May 6, 2016 Fly me to the moon

Greek Wines: A New Old World

Greek wines have a storied history unlike anyplace else. That’s because Greece is one of the oldest wine producing regions in the world. Wines have been produced here for more than 6,500 years.

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Greek Wines Today: A New Old World

Over the millennia, Greek wines were produced on a household or community basis. They were a staple part of the diet and an important part of the culture.  Some things haven’t changed. Wine is still a key part to food culture and life in Greece.  What has changed is that over the last few decades the Greek wine industry has modernized. Expert wine cultivation of some of the oldest varieties has led to some of the most fantastic wines loved by the top wine enthusiasts and connoisseurs around the world.

At Fly Me to the Moon, we want you to discover the finest of Greek wines. We like to think of it as “reintroducing” one of the oldest wine producing countries in the world! In order to do that, we present to you a list of some of our favorite grape varieties:

Assyrtiko and Mavrotragano of Santorini

Santorini’s fine volcanic soil is the key to its fine wine production. Assyrtiko is considered one of the finest white grapes in all of Europe.  You’ll find Assyrtiko in 70 percent of Santorini’s vineyards.  It has a long aging potential and produces a full-bodied, dry wine complete with citrus aromas. It is blended with varieties Athiri and Aidani to make the sweet wine called Vinsanto.

Mavrotragano is a red grape variety from Santorini. Its name means black (mavro) and crisp (tragano). The variety is known for its aromas of sweet red fruit, smoke and coffee.  It is a rich, unusual wine with robust tannins.

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Discover Santorini’s Assyrtiko and Mavrotragano varieties on a special wine safari excursion. The experience can only be complemented by stunning caldera views at some of the most creative restaurants in Greece.

Agiorgitiko of Nemea

Agiorgitiko means St. George’s grape, named after a chapel in Nemea, a region in the Peloponnese peninsula. It is the sole variety in the Nemea appellation.  This fragrant red wine grape produces great Greek rose wines and full-bodied reds.  Agiorgitiko also blends well with Cabernet Sauvignon.  Agiorgitiko is known to be one of Greece’s oldest varieties. It is associated with the half-god Hercules. In fact, Nemea wine is referred to as the “blood of Hercules.”

Discover Agiortiko during your wine tasting at Mycenae, a UNESCO World Heritage Site or as you tour beautiful seaside Nafplion, Greece’s first capital.

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Xinomavro of Naoussa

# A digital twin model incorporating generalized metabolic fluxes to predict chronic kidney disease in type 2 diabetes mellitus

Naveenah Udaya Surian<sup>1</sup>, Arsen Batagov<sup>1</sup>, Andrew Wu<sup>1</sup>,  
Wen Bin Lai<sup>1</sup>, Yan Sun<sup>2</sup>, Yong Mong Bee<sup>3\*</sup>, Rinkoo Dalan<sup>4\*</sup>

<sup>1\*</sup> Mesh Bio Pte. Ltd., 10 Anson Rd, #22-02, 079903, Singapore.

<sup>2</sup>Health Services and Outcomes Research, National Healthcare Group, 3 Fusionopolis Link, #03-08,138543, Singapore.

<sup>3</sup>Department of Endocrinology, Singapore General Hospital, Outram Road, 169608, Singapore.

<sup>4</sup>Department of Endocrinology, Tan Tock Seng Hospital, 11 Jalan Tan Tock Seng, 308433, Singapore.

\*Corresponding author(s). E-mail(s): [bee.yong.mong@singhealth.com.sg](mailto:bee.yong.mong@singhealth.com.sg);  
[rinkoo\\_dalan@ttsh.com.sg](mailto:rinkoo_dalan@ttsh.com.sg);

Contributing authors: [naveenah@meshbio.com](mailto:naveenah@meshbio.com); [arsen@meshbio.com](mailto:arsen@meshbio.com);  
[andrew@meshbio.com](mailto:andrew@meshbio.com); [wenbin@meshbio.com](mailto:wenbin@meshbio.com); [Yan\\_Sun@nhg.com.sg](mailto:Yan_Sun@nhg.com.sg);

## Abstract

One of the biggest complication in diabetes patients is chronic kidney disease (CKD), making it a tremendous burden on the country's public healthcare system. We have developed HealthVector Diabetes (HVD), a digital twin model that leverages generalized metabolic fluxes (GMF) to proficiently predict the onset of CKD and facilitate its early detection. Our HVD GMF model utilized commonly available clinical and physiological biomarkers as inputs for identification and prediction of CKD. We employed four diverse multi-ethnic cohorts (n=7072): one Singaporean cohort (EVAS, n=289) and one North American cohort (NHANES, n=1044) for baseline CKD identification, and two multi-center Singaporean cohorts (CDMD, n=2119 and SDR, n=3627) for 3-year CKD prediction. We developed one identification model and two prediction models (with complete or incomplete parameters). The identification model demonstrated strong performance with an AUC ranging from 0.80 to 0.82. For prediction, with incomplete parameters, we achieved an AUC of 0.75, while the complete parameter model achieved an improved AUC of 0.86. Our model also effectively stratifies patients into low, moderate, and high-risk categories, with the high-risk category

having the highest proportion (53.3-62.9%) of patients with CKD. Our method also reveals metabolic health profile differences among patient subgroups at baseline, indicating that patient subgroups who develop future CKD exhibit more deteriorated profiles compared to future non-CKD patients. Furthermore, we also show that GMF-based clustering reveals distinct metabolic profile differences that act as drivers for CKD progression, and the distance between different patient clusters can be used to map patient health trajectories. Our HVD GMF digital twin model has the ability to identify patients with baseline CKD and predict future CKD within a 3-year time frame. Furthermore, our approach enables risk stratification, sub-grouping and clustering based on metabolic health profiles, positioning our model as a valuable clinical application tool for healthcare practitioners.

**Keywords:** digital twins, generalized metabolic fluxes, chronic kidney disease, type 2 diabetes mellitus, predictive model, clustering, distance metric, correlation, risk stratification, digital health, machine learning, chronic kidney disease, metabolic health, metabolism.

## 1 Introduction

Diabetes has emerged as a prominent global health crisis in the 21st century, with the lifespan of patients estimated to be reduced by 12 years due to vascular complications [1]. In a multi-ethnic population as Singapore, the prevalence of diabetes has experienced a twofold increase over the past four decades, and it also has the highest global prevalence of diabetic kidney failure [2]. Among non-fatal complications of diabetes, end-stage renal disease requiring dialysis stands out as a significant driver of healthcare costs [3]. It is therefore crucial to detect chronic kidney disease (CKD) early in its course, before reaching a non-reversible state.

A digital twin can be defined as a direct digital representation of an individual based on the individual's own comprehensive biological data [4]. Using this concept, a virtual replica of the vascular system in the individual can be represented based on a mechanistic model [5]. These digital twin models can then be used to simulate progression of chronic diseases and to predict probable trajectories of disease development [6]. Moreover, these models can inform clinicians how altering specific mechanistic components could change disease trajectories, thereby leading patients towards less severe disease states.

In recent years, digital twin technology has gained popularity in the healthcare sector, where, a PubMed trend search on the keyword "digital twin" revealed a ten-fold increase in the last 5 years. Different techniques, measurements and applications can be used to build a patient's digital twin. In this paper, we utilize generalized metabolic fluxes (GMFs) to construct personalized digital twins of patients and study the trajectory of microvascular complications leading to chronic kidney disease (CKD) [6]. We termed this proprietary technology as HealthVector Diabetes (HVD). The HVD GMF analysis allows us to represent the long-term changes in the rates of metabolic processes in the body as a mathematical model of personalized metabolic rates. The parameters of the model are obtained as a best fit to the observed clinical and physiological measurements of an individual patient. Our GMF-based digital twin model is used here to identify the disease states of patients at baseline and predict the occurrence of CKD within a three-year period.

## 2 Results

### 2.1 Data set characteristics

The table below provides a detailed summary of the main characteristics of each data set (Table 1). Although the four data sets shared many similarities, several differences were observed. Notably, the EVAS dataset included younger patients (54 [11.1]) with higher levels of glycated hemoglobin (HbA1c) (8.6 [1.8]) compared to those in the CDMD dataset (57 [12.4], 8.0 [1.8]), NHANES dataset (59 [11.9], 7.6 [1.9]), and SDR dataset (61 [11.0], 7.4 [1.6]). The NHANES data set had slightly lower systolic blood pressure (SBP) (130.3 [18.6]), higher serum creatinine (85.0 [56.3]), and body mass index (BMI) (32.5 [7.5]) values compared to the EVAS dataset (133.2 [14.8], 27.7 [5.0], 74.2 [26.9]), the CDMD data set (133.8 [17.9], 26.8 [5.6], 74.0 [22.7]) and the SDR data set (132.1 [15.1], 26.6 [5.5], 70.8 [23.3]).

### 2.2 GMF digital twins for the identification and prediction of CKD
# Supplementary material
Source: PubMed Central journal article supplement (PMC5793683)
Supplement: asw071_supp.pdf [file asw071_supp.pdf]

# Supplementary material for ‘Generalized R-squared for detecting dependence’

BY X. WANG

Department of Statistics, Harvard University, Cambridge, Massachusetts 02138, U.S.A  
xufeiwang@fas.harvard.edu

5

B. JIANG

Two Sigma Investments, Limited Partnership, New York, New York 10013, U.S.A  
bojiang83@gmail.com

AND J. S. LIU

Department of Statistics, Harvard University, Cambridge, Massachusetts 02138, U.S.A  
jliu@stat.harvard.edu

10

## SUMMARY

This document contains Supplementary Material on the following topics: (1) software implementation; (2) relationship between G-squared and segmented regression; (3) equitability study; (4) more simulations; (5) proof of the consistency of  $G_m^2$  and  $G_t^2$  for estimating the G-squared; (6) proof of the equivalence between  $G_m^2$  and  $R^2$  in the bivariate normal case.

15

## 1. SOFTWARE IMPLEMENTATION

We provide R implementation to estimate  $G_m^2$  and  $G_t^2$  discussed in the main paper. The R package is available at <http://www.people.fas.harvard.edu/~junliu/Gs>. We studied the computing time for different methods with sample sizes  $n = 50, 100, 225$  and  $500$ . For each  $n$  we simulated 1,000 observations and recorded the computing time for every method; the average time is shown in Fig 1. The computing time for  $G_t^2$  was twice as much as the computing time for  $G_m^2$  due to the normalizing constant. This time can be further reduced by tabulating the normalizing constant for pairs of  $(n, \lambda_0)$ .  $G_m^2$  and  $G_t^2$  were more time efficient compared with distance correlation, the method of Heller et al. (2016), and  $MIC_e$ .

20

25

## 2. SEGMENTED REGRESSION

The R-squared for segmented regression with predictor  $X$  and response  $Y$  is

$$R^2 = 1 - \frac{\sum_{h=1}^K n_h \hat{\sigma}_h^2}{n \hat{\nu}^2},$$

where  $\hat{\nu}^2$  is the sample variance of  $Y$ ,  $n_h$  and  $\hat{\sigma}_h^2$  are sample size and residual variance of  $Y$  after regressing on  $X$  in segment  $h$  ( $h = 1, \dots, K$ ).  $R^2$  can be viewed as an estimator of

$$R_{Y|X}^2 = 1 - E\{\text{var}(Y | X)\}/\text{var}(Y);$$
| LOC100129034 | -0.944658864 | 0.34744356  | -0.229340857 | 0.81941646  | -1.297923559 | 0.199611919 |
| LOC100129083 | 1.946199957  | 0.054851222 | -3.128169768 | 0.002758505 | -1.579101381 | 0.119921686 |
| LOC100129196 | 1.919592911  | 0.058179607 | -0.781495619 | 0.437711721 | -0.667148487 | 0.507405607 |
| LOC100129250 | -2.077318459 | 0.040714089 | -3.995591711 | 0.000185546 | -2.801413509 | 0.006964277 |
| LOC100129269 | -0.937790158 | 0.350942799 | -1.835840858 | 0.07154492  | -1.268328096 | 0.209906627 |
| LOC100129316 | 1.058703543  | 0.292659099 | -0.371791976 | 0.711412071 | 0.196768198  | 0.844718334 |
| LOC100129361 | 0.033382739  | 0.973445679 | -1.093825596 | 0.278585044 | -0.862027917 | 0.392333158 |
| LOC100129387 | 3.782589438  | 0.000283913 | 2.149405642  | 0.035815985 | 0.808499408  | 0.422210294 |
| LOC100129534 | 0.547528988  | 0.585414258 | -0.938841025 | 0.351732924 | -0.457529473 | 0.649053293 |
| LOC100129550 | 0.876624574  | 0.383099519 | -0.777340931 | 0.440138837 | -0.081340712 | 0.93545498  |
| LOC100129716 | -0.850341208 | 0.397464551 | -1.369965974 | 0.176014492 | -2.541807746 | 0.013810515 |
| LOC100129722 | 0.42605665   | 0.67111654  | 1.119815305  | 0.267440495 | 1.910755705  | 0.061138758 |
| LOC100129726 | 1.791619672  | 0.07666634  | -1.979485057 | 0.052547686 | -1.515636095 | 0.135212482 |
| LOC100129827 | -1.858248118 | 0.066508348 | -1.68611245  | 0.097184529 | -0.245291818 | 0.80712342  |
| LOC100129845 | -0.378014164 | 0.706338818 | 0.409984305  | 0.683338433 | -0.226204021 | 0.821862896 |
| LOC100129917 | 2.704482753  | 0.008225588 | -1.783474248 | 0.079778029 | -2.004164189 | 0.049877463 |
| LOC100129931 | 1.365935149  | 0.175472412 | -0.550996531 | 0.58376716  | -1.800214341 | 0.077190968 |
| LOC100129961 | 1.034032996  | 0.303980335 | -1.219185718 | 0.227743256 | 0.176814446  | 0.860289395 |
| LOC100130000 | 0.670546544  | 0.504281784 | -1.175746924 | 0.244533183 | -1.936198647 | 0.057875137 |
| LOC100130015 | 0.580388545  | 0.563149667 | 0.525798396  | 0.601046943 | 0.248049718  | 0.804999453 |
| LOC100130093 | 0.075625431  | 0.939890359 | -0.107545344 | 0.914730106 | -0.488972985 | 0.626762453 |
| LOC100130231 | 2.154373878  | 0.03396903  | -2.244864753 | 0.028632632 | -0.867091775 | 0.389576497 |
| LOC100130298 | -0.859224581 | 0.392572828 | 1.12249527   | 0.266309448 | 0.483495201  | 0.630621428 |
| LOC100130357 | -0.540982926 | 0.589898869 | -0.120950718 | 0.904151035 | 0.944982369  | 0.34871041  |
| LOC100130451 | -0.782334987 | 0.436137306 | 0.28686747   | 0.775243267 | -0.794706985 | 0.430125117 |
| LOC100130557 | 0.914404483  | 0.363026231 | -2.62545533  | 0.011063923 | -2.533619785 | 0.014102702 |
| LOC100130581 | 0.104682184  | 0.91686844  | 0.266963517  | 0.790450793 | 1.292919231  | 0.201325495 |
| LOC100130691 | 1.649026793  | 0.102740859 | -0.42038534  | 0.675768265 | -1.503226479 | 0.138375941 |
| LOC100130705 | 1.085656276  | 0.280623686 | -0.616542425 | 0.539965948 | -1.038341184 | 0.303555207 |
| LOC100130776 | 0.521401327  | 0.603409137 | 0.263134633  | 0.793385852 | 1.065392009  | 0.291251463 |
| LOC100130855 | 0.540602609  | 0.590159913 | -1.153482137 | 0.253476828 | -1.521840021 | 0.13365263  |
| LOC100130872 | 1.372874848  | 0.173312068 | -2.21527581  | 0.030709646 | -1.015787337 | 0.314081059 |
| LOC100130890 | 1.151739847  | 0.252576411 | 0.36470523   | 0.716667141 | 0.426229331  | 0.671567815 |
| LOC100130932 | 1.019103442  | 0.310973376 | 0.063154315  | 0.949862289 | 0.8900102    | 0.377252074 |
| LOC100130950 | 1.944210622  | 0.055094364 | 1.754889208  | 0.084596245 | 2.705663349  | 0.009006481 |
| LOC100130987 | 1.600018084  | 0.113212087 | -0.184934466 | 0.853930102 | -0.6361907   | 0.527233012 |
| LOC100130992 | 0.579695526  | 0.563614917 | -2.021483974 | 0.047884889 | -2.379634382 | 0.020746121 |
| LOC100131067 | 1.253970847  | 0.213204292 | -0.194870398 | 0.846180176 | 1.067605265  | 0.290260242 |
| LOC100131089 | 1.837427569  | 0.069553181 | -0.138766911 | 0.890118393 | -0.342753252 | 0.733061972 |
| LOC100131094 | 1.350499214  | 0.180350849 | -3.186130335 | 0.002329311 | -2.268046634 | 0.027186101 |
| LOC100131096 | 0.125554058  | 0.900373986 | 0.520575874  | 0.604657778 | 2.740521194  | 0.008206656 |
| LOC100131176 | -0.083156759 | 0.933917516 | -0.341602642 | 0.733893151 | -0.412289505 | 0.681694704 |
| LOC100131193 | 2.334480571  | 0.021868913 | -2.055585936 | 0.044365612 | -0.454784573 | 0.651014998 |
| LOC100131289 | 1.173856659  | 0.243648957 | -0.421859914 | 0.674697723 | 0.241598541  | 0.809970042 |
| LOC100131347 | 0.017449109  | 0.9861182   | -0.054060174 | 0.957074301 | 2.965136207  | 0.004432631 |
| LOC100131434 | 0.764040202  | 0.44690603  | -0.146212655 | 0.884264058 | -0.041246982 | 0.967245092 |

Xinomavro grapes are grown in northern Greek vineyards that fringe the mountainous landscape of the Macedonia region. Its name means sharp (xino) and black (mavro), reflecting its qualities.  It is the only grape permitted in appellations of Goumenissa, Amynteo and Naoussa. Once considered obscure, Xinomavro has taken the wine industry by storm, considered an exciting “discovery” producing full-bodied reds. Common tasting notes of “tomato vine” and “black olives” are associated with Xinomavro.

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Be sure to discover Xinomavro during your time in Greece as you tour one of the finest PDO regions in the country. Northern Greece is packed with wine producing talent and known for exciting annual festivals in ancient cities like Dion.

Thrapsathiri and Vidiano in Crete

The Thrapsathiri grape variety produces first-rate dry Greek wines as well as sweet white wines. It is produced in the warmest areas of Crete from Chania to Lasithi and is known to be highly resistant to drought.  Thrapsathiri is considered a fine choice for foods that aren’t too complex, due to its lack of aroma.

Another white Greek grape variety from Crete called Vidiano produces white dry whites. The variety is mostly grown in Rethymnon and some vineyards close to Heraklion.  The wines produced from Vidiano are lemony green, intense with complex aromas of peach and apricot.

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Debina in Ipiros

The Debina variety is grown in northwestern Greece in a mountainous region called Zitsa in Epirus. Debina is grown at high altitudes on steep vineyards.  Known to achieve high acidity levels, the variety is perfect to produce dry, semi-sweet wines. Debina is also used to produce light fresh sparkling wine.

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Wine tasting in beautiful Epirus will take you to Zagori, a “hidden” destination in the Pindos Mountains.

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That’s our list of great grape varieties in Greece.  Have you ever tasted any Greek wines?

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